The Yale Police Department is investigating reports from Yale students who witnessed two masked people post racially provocative flyers on bulletin boards around Cross Campus on Tuesday night. …
Yale students took photos of the posters, removed them from the bulletin board, replaced them with messages of support for people of color and reported the incident to Yale student life staff and the YPD on Tuesday night. The flyers depicted the symbol of a â€œWhite Students’ Union of Yaleâ€ and quoted slavery advocate and class of 1804 graduate John Calhoun â€” the former namesake of what is now Grace Hopper College. The quote reads, â€œIn looking back, I see nothing to regret, and little to correct.â€
YPD officers are currently reviewing camera footage to identify the perpetrators, Goff-Crews told the News. … The department has also stepped up its patrols in â€œsensitive areas on campus,â€ including the center of Yaleâ€™s campus, where the incident occured [sic].
â€œI find the sentiments signified by these flyers deeply troubling, and I want to be clear: hate is not welcome on our campus,â€ Salovey wrote in a campuswide email. â€œAs I have said in the past, the answer to speech one finds repugnant is more speech. [Flyers aren’t speech? Quotations from Calhoun aren’t speech? – JDZ] I have no doubt that the members of the Yale community will respond to expressions of hate, racism, and exclusion on this campus with even stronger affirmations of our valuesâ€”and a renewed commitment to creating a diverse, inclusive community where all people are welcomed.â€
In the email, Salovey confirmed that the perpetrators violated a University policy which only permits registered student organizations to post flyers on campus [Oh, my! that is an expulsion-worthy offense for sure. –JDZ].
Yale has notified the Southern Poverty Law Center â€” which monitors hate groups in the U.S. â€” and the Anti-Defamation League â€” a Jewish group that fights anti-Semitism and bigotry â€” about the incident, according to Saloveyâ€™s email. …
On Tuesday night, a student posted a photograph of the flyer on the popular Facebook group â€œOverheard at Yale,â€ prompting heavy backlash against the perpetrators among commenters.
Students and alumni interviewed by the News condemned the flyers. Prior to Saloveyâ€™s email, at least two individuals told the News that they contacted Saloveyâ€™s office calling for the University to respond to the incident.
On Wednesday morning, Gene Lyman â€™92 also emailed Saloveyâ€™s office calling on the University to investigate the situation thoroughly, discipline any current students involved and â€œreassert Yaleâ€™s values as an inclusive and intellectually honest community.â€
â€œEven if this should prove a hoax, or someoneâ€™s sick idea of a joke, I cannot emphasize enough how unacceptable the sentiment expressed in these flyers is,â€ Lyman wrote in the email to Salovey.
Lyman said he received a response from Joy McGrath, Saloveyâ€™s chief of staff, as well as Saloveyâ€™s email to the Yale community.
Sohum Pal â€™20 sent an email about the incident to Salovey, Goff-Crews and Dean of Yale College Marvin Chun on Tuesday night. In his email, Pal called for the establishment of a Title VI office, which would enforce the federal law that prohibits discrimination based on race, ethnicity, color and national origin at educational institutions, and for a systematic change in University responses to grievances around racial discrimination. Pal said that the University should create a â€œmechanism for changeâ€ instead of releasing emails to â€œreaffirm its commitments.â€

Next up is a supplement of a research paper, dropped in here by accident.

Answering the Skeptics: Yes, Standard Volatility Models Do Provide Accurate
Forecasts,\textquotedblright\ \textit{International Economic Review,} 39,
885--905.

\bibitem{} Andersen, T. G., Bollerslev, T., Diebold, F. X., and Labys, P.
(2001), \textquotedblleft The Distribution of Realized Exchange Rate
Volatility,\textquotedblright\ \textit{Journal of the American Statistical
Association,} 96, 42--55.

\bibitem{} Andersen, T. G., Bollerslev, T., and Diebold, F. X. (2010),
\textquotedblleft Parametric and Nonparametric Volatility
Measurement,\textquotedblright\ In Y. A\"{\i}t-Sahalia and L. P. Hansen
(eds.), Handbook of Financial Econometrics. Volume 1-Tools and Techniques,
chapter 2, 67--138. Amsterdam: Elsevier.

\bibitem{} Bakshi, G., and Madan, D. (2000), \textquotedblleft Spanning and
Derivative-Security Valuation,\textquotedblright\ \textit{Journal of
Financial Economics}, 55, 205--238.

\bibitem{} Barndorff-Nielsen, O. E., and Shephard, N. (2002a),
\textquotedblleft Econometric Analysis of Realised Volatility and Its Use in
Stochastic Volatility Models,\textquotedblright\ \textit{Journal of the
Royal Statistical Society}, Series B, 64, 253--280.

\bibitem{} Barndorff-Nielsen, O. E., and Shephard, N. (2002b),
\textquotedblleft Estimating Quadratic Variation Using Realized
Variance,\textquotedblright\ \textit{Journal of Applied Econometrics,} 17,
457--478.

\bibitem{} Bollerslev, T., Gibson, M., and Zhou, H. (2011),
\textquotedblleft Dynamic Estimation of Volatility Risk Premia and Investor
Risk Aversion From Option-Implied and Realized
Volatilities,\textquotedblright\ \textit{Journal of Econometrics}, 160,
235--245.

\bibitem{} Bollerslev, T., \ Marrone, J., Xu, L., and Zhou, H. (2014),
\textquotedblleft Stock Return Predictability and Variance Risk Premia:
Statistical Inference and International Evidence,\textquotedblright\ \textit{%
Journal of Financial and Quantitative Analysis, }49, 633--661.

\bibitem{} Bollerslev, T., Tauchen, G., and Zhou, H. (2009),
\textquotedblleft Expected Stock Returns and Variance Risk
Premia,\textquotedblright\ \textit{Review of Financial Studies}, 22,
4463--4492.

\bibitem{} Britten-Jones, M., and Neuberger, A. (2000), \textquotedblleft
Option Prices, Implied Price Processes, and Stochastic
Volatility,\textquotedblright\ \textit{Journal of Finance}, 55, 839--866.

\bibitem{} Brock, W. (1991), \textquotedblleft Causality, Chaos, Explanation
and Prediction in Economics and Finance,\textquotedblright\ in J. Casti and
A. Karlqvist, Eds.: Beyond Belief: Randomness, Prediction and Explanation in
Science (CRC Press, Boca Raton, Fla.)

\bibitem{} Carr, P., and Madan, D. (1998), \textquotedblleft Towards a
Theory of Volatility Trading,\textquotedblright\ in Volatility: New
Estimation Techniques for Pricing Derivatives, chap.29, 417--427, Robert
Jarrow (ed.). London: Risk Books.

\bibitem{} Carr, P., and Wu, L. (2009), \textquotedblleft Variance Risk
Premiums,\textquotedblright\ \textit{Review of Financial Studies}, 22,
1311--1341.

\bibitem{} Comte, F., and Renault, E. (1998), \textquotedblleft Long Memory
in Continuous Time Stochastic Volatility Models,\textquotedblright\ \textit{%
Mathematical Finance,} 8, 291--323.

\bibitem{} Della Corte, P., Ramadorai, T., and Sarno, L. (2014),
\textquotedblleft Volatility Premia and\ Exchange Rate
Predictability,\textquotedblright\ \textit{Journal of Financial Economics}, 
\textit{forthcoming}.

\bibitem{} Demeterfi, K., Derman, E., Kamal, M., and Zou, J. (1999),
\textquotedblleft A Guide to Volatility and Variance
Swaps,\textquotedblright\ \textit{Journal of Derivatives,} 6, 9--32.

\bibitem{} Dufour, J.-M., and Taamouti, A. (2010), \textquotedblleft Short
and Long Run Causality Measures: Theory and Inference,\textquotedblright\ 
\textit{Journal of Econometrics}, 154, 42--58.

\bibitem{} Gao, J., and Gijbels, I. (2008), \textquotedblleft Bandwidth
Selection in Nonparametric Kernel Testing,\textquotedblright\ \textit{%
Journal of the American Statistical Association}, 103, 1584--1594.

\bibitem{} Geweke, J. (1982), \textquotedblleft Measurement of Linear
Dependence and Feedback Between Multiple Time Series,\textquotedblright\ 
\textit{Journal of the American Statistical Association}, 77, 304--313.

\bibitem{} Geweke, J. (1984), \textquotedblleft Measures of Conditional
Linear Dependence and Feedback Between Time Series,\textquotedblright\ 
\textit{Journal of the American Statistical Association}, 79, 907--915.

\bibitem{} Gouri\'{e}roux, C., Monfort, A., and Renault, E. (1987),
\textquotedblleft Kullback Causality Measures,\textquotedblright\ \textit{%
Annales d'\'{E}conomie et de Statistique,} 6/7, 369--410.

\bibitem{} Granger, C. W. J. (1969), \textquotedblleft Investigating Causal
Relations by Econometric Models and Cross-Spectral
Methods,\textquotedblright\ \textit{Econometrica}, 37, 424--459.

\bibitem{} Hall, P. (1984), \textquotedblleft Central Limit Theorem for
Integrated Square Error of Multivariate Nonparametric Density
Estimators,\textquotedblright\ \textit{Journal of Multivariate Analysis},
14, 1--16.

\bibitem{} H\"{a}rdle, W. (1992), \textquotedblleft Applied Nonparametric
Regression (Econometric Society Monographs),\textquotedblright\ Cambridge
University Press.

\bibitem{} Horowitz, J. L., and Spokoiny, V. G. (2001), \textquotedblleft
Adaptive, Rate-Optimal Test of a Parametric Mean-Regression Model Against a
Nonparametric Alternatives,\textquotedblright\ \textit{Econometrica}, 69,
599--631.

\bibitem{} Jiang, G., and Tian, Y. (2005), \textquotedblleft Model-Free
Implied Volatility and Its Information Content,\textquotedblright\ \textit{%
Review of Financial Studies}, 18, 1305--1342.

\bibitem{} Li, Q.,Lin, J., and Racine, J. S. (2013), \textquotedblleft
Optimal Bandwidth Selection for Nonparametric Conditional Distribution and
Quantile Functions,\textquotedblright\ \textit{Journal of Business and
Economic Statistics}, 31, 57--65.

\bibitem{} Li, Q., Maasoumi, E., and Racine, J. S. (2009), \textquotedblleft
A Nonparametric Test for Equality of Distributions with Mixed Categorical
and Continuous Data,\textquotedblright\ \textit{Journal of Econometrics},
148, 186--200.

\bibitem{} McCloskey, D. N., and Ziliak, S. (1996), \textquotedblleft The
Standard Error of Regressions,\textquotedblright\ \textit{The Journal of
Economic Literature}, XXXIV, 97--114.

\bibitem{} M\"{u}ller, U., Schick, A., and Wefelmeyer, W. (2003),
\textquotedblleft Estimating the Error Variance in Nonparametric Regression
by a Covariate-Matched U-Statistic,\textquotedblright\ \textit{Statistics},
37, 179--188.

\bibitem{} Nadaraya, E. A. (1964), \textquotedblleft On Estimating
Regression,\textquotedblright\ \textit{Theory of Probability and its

â€œTonight, people put up these fliers around campus,â€ Pal wrote in his email. â€œI felt vulnerable â€” is it any surprise? My time at Yale has been many things â€” sometimes empowering, but more often Iâ€™ve been struck at how expendable students, faculty, and staff of color must be to the university.â€ Unlike Lyman, Pal said he received no direct response to his email.
Ashtan Towles â€™19, a former peer liaison for the Afro-American Cultural Center, told the News that while the perpetrators remain unknown, the act was â€œdone in cowardice,â€ comparing the masked individuals to Klu Klux Klan members who don masks to protect their identities.
â€œThis incident is merely one of thousands through which white nationalists have attempted to stoke fear in Black communities, but I am always in awe of the resilience and pride that exists in the Black community at Yale,â€ Towles said in an email to the News.
According to Simon Ghebreyesus â€™21, the sentiments of white pride in the flyers are a â€œsinister presenceâ€ for students of color to grapple with at Yale and across the country.
Epongue Ekille â€™21 told the News that she had generally viewed Yale as a racially inclusive place but the flyer incident â€œnegates it all.â€
â€œIt was both surprising and not at the same time. Although Yale is proud of its diversity, the matter of the fact is that the student population is majority white and wealthy,â€ Ekille said. â€œIâ€™m not surprised that people who have these opinions exist at Yale, Iâ€™m just surprised that they would publicly advertise it.â€
Evidently, the answer to speech satirizing the rhetoric and poses of African-American Identity Group activists is not actually “more speech.” The answer is to publish hysterical news stories, to refer to the “repugnant speech” as “discrimination,” and “exclusion,” and “hate,” to suggest that it constitutes a possible violation of federal anti-discrimination law, and to treat it as a proper basis for investigation, notification of national left-wing speech and thought supervisory groups, and disciplinary sanctions.
How terribly cowardly it was of those right-wing students to conceal their identities!
Yaleâ€™s Nakanishi Prize is awarded every spring to â€œtwo graduating seniors who, while maintaining high academic achievement, have provided exemplary leadership in enhancing race and/or ethnic relations at Yale College.â€ Normally, the bestowal of an undergraduate award, even at an august institution like Yale, is of interest to no one beyond the recipients, their classmates, and their families. This yearâ€™s prize, however, should trouble anyone concerned with the imperiled fate of free inquiry and rational dialogue at our nationâ€™s institutions of higher learning: on May 21, Yale recognizedâ€”out of a graduating class of some 1,300â€”two individuals who did more than most of their peers to worsen race relations on campus.